by Al Harberg
Instead of working 10 hours a day, work 16 hours a day. Work holidays and weekends. Eliminate distractions like friends, family, eating a balanced diet, exercise, and relaxation. You’ll be sick and lonely. And rich.
Twelve and a half years ago, my wife and I went full-time. We made the move from a corporation that had 42,000 employees to one that has two. We moved from a corporate complex that had 4,000 people in our building to one that has two. We were fortunate to be able to put a lot of things in perspective at the outset, and to learn a few more things along the way. Here are some of them:
- Put your business in perspective. It’s only a small part of your life. When you’re working on your business, you should take it seriously and work as hard as you can on it. You’ll have to work long hours when you first begin, and when you make the transition from part-time to full-time. But take some time every week to remind yourself of the other, more important facets of your life. When you retire, you’re not going to look back on your life and say, “If only I had worked more evenings and weekends, I could have been listed on more download sites.”
- Eliminate busy work. Keeping busy is not the same as being productive. You really don’t have to check the search engines every week for crack sites that offer your software. You really don’t have to answer every posting on the ESC newsgroup. You don’t have to check every website that your friends suggest you look at. Spend your time on the things that you consciously decide are worthwhile. Don’t let other people set your priorities.
- Train your friends. Friends and relatives think that, because you work out of your home, you don’t really work. They’re wrong. Let them know politely that you have self-imposed goals and deadlines, and that you can’t take afternoons off every other day.
- Make your office a pleasant place to work. Move out of the basement or garage. Buy a real desk and a real chair. Furnish your office with a range of television, radio, video, audio, and other electronic entertainment. Decorate to your taste, not to other peoples’.
- Find creative ways to burn calories. Arrange the objects in your life for minimum efficiency. Move snack foods some place where you’ll have trouble finding them. Keep the things you need every day on another floor so you’ll be forced to take breaks and get some aerobic exercise. Every time you need to walk a flight of stairs, walk it twice.
- Take control of your electro-mechanical devices. Unless you really (and I mean really) have to be available for telephone support during normal business hours (whatever that means), practice throwing your alarm clock out the window until it no longer functions.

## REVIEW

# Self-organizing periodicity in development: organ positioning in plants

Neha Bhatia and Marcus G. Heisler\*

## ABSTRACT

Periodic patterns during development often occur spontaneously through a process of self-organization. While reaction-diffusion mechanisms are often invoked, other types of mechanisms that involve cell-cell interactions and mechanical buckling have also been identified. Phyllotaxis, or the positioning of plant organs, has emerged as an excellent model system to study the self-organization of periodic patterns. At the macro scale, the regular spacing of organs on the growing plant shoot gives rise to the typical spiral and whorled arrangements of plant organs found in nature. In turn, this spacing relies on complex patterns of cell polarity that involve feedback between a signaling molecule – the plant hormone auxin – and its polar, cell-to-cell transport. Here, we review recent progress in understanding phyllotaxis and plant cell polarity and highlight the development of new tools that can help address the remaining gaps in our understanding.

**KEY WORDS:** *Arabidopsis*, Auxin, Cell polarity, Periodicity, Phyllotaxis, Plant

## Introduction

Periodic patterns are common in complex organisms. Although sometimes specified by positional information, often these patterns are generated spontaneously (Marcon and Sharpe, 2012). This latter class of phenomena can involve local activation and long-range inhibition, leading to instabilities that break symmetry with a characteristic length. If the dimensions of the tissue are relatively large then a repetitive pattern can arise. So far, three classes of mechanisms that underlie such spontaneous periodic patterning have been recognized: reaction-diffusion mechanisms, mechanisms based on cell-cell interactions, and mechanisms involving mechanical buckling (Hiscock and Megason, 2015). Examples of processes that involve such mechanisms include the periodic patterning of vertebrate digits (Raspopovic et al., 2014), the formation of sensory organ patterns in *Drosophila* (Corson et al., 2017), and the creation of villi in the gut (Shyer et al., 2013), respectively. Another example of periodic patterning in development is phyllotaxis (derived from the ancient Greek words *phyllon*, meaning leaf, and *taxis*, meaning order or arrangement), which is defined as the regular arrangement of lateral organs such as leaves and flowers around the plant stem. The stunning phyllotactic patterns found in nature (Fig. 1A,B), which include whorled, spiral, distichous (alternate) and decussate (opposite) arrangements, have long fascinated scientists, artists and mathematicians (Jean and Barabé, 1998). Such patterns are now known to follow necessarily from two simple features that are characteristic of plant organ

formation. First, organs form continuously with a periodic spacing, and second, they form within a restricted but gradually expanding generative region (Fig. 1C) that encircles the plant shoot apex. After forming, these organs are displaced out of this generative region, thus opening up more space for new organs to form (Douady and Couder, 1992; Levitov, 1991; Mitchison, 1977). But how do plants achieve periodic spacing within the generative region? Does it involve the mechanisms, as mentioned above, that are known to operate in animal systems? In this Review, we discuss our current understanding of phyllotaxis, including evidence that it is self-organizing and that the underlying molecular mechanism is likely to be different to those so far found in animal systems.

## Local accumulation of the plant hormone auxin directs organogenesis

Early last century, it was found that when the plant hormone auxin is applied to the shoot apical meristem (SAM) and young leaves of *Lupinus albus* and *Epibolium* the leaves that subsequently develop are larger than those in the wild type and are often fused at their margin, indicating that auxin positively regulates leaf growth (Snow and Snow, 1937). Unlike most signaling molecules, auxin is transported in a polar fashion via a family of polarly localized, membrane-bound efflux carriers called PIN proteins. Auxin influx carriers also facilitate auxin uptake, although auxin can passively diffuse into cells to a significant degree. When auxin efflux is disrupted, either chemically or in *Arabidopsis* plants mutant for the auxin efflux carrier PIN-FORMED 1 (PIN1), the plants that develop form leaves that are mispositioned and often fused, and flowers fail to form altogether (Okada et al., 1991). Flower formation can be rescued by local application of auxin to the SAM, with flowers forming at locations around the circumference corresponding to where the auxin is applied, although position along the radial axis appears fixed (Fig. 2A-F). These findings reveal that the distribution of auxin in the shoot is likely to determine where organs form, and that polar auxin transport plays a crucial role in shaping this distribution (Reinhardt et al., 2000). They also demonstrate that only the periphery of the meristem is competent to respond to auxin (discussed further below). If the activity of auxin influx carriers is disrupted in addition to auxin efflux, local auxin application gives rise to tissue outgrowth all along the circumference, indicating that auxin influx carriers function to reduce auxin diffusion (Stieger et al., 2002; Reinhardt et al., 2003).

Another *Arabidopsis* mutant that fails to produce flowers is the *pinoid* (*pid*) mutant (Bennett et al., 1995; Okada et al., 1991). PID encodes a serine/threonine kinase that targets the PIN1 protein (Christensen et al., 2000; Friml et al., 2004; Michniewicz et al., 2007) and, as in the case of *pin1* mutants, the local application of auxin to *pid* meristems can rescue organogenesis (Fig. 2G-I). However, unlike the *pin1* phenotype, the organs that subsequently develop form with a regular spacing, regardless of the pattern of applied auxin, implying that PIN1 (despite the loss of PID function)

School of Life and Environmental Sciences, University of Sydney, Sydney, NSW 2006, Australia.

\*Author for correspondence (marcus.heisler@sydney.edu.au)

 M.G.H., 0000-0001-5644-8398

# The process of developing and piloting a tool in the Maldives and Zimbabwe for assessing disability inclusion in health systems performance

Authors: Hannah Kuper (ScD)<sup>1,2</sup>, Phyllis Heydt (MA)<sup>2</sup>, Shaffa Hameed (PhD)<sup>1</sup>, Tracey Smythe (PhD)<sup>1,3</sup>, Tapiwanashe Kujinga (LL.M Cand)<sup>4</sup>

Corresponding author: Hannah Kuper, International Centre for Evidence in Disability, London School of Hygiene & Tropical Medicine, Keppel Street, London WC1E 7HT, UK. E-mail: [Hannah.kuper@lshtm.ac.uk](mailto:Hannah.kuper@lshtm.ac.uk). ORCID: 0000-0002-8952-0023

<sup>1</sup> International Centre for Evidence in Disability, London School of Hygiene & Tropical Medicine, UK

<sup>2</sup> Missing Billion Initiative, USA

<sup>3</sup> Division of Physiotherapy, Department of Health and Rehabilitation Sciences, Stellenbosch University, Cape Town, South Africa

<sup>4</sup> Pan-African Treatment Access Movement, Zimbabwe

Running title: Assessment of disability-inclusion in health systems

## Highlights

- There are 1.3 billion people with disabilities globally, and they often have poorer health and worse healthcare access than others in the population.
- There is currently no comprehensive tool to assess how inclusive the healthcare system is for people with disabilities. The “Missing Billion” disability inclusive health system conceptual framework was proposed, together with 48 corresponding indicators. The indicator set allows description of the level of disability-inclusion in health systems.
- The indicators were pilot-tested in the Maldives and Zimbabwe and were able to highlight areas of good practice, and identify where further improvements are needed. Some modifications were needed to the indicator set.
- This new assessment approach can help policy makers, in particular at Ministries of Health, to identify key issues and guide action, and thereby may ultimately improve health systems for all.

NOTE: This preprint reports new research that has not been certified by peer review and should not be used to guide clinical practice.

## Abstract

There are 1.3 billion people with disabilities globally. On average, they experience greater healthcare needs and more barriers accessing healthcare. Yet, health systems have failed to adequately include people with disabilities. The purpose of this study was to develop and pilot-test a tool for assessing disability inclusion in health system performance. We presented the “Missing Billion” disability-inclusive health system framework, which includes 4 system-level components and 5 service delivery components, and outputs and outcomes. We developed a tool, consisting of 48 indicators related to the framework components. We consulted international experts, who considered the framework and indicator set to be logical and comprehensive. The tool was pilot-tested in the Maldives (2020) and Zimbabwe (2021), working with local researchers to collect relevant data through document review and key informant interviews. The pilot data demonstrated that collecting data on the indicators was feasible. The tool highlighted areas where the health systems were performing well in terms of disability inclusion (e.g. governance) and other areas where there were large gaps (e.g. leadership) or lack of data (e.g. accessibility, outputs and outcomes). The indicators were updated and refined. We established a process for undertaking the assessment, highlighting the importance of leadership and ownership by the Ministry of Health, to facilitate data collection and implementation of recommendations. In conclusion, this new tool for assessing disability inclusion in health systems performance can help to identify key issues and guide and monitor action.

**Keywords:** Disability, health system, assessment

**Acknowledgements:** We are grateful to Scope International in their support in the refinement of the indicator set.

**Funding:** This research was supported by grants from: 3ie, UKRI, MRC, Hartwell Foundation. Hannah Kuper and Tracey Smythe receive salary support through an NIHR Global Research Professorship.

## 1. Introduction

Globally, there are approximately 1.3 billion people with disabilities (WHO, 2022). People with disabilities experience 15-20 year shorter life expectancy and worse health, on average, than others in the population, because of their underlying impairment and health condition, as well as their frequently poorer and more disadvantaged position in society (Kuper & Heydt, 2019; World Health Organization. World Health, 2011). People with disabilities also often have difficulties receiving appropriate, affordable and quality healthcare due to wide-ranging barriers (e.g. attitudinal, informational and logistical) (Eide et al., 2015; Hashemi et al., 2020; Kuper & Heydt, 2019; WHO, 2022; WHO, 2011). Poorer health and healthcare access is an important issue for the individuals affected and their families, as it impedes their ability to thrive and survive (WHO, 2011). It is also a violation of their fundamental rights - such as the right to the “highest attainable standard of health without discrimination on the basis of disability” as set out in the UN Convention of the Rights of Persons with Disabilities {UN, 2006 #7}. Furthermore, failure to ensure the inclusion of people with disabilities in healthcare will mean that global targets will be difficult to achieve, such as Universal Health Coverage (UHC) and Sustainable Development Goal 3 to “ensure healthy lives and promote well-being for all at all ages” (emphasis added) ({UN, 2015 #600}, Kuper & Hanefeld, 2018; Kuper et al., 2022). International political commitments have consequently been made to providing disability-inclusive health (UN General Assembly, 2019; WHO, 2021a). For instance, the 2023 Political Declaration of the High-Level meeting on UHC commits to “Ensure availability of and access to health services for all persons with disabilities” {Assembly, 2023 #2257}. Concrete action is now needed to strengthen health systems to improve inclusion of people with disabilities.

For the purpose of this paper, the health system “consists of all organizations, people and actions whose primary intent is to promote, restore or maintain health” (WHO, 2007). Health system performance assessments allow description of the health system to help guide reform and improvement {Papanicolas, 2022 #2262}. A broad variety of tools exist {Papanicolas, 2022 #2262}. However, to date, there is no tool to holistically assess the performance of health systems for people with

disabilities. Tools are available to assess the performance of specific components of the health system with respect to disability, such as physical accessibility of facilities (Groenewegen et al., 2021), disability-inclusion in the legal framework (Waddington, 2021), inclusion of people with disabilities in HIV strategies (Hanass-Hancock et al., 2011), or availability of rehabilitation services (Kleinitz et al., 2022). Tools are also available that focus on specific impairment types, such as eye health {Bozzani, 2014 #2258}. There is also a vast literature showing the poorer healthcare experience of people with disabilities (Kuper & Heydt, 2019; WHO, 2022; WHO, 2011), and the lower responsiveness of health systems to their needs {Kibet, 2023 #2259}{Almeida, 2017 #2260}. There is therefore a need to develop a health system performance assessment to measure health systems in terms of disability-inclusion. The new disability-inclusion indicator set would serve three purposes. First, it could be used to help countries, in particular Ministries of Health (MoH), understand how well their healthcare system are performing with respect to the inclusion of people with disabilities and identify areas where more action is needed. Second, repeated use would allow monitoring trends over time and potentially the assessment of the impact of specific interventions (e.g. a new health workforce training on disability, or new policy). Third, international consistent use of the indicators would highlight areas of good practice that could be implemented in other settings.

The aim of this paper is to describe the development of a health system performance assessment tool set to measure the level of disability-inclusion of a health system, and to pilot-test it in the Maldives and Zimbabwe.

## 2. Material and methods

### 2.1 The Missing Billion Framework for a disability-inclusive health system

- Tune in to your moods. When you’re brain-dead, don’t veg out on television. Use the time to do filing, answering routine correspondence and doing the things that have to get done, but require little brainpower. When your mind is whirring and your creative juices are flowing, focus on tasks that require creativity. Design a new program or write an article for the ASP newsletter. Since you set priorities, and since all of your deadlines are self-imposed, you can suit your tasks to your moods. Don’t let other people tell you that you’re working too many hours or too few hours or, more commonly, that you’re working the “wrong” hours.
- Schedule and complete the tasks that are unpleasant. The only part of running a mom-n-pop corporation that I dislike is counting the beans. But there are month-end, quarter-end and year-end tasks that have to be completed. Do them on the last day of the month. Don’t put them off; put these tasks behind you so you can concentrate on the important ones. Personally, I wish I could procrastinate more, but I never seem to get around to it.
- Multi-task. Your local libraries have hundreds of audio books. They run the gamut from bestsellers to classics to business-oriented treasures. You can find 6-hour audio cassette programs on negotiation skills, communication skills, planning skills, marketing techniques, and practically every facet of running a business. If you’re driving and not learning, then you’re throwing away part of your life. While you’re visiting the libraries, ask them if they’d like to make your software available to their visitors.
- Feel good about yourself and your work. Hang out with people who are positive. It takes no more effort to be positive and upbeat than it does to be dour and down in the dumps. Run with people who have creative ideas and pick their brains. Trade ideas and feedback.Being a software author is a wonderful career. Focus on building dynamite programs, marketing them effectively, and having fun!
About the Author: Since 1984, Al Harberg has been helping software authors bring their programs to market through his marketing firm, DP Directory.